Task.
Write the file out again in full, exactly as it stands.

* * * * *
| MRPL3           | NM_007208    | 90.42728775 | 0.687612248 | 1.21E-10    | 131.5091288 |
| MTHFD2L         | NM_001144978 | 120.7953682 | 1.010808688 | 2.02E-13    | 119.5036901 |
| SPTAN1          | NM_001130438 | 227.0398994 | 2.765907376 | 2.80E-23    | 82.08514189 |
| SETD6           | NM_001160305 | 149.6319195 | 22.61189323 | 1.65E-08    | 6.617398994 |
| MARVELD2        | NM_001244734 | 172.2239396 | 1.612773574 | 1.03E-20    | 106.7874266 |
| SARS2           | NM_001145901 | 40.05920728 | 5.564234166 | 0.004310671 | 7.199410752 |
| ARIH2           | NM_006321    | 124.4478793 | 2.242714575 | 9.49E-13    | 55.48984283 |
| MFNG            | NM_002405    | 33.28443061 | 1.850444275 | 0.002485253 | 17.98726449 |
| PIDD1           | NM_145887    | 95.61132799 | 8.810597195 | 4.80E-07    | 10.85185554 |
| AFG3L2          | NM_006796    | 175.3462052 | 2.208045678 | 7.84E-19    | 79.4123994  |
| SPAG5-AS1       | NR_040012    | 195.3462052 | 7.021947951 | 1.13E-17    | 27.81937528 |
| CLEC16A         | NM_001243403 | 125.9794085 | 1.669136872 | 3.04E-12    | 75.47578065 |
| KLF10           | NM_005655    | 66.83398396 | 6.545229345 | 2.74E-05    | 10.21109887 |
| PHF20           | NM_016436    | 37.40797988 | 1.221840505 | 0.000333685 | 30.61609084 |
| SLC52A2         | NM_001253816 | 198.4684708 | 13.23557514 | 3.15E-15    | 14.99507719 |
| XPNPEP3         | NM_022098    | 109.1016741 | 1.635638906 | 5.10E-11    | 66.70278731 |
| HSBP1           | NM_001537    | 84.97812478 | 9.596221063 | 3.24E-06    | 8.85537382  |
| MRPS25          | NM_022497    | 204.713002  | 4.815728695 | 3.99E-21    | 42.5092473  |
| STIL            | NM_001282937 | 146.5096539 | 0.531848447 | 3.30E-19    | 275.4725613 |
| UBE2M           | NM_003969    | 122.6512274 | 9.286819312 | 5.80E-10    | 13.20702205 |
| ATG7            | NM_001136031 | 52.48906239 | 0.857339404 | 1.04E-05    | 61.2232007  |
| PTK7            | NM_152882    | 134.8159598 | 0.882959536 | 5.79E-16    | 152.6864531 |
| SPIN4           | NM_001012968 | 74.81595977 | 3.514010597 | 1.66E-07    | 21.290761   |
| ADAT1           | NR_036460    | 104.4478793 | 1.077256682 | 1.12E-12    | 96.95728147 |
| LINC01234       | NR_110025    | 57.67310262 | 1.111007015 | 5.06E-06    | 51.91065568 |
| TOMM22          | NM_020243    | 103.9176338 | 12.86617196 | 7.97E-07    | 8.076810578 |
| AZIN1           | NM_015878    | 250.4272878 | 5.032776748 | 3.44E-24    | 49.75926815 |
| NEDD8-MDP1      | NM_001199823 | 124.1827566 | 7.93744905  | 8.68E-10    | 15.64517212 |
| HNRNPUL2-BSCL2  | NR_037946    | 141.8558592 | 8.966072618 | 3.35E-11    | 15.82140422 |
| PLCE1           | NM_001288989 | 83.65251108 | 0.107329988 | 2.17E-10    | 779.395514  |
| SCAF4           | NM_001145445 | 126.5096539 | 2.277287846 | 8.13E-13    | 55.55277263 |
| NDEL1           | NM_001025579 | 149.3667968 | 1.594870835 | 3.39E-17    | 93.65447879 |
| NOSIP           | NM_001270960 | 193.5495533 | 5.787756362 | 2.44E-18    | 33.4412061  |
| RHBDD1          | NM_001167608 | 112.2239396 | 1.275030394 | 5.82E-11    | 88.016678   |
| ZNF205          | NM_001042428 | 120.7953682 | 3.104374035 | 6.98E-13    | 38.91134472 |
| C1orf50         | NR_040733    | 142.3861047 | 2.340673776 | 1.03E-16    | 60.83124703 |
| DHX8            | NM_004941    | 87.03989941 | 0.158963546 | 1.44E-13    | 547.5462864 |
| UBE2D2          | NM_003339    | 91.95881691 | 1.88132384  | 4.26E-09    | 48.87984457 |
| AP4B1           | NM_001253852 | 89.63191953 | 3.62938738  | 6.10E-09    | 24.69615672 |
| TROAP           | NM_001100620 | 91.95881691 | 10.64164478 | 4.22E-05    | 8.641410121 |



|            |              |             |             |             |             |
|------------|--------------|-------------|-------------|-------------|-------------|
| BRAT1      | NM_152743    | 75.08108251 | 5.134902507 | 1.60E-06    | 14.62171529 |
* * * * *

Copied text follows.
| MRPL3           | NM_007208    | 90.42728775 | 0.687612248 | 1.21E-10    | 131.5091288 |
| MTHFD2L         | NM_001144978 | 120.7953682 | 1.010808688 | 2.02E-13    | 119.5036901 |
| SPTAN1          | NM_001130438 | 227.0398994 | 2.765907376 | 2.80E-23    | 82.08514189 |
| SETD6           | NM_001160305 | 149.6319195 | 22.61189323 | 1.65E-08    | 6.617398994 |
| MARVELD2        | NM_001244734 | 172.2239396 | 1.612773574 | 1.03E-20    | 106.7874266 |
| SARS2           | NM_001145901 | 40.05920728 | 5.564234166 | 0.004310671 | 7.199410752 |
| ARIH2           | NM_006321    | 124.4478793 | 2.242714575 | 9.49E-13    | 55.48984283 |
| MFNG            | NM_002405    | 33.28443061 | 1.850444275 | 0.002485253 | 17.98726449 |
| PIDD1           | NM_145887    | 95.61132799 | 8.810597195 | 4.80E-07    | 10.85185554 |
| AFG3L2          | NM_006796    | 175.3462052 | 2.208045678 | 7.84E-19    | 79.4123994  |
| SPAG5-AS1       | NR_040012    | 195.3462052 | 7.021947951 | 1.13E-17    | 27.81937528 |
| CLEC16A         | NM_001243403 | 125.9794085 | 1.669136872 | 3.04E-12    | 75.47578065 |
| KLF10           | NM_005655    | 66.83398396 | 6.545229345 | 2.74E-05    | 10.21109887 |
| PHF20           | NM_016436    | 37.40797988 | 1.221840505 | 0.000333685 | 30.61609084 |
| SLC52A2         | NM_001253816 | 198.4684708 | 13.23557514 | 3.15E-15    | 14.99507719 |
| XPNPEP3         | NM_022098    | 109.1016741 | 1.635638906 | 5.10E-11    | 66.70278731 |
| HSBP1           | NM_001537    | 84.97812478 | 9.596221063 | 3.24E-06    | 8.85537382  |
| MRPS25          | NM_022497    | 204.713002  | 4.815728695 | 3.99E-21    | 42.5092473  |
| STIL            | NM_001282937 | 146.5096539 | 0.531848447 | 3.30E-19    | 275.4725613 |
| UBE2M           | NM_003969    | 122.6512274 | 9.286819312 | 5.80E-10    | 13.20702205 |
| ATG7            | NM_001136031 | 52.48906239 | 0.857339404 | 1.04E-05    | 61.2232007  |
| PTK7            | NM_152882    | 134.8159598 | 0.882959536 | 5.79E-16    | 152.6864531 |
| SPIN4           | NM_001012968 | 74.81595977 | 3.514010597 | 1.66E-07    | 21.290761   |
| ADAT1           | NR_036460    | 104.4478793 | 1.077256682 | 1.12E-12    | 96.95728147 |
| LINC01234       | NR_110025    | 57.67310262 | 1.111007015 | 5.06E-06    | 51.91065568 |
| TOMM22          | NM_020243    | 103.9176338 | 12.86617196 | 7.97E-07    | 8.076810578 |
| AZIN1           | NM_015878    | 250.4272878 | 5.032776748 | 3.44E-24    | 49.75926815 |
| NEDD8-MDP1      | NM_001199823 | 124.1827566 | 7.93744905  | 8.68E-10    | 15.64517212 |
| HNRNPUL2-BSCL2  | NR_037946    | 141.8558592 | 8.966072618 | 3.35E-11    | 15.82140422 |
| PLCE1           | NM_001288989 | 83.65251108 | 0.107329988 | 2.17E-10    | 779.395514  |
| SCAF4           | NM_001145445 | 126.5096539 | 2.277287846 | 8.13E-13    | 55.55277263 |
| NDEL1           | NM_001025579 | 149.3667968 | 1.594870835 | 3.39E-17    | 93.65447879 |
| NOSIP           | NM_001270960 | 193.5495533 | 5.787756362 | 2.44E-18    | 33.4412061  |
| RHBDD1          | NM_001167608 | 112.2239396 | 1.275030394 | 5.82E-11    | 88.016678   |
| ZNF205          | NM_001042428 | 120.7953682 | 3.104374035 | 6.98E-13    | 38.91134472 |
| C1orf50         | NR_040733    | 142.3861047 | 2.340673776 | 1.03E-16    | 60.83124703 |
| DHX8            | NM_004941    | 87.03989941 | 0.158963546 | 1.44E-13    | 547.5462864 |
| UBE2D2          | NM_003339    | 91.95881691 | 1.88132384  | 4.26E-09    | 48.87984457 |
| AP4B1           | NM_001253852 | 89.63191953 | 3.62938738  | 6.10E-09    | 24.69615672 |
| TROAP           | NM_001100620 | 91.95881691 | 10.64164478 | 4.22E-05    | 8.641410121 |



|            |              |             |             |             |             |
|------------|--------------|-------------|-------------|-------------|-------------|
| BRAT1      | NM_152743    | 75.08108251 | 5.134902507 | 1.60E-06    | 14.62171529 |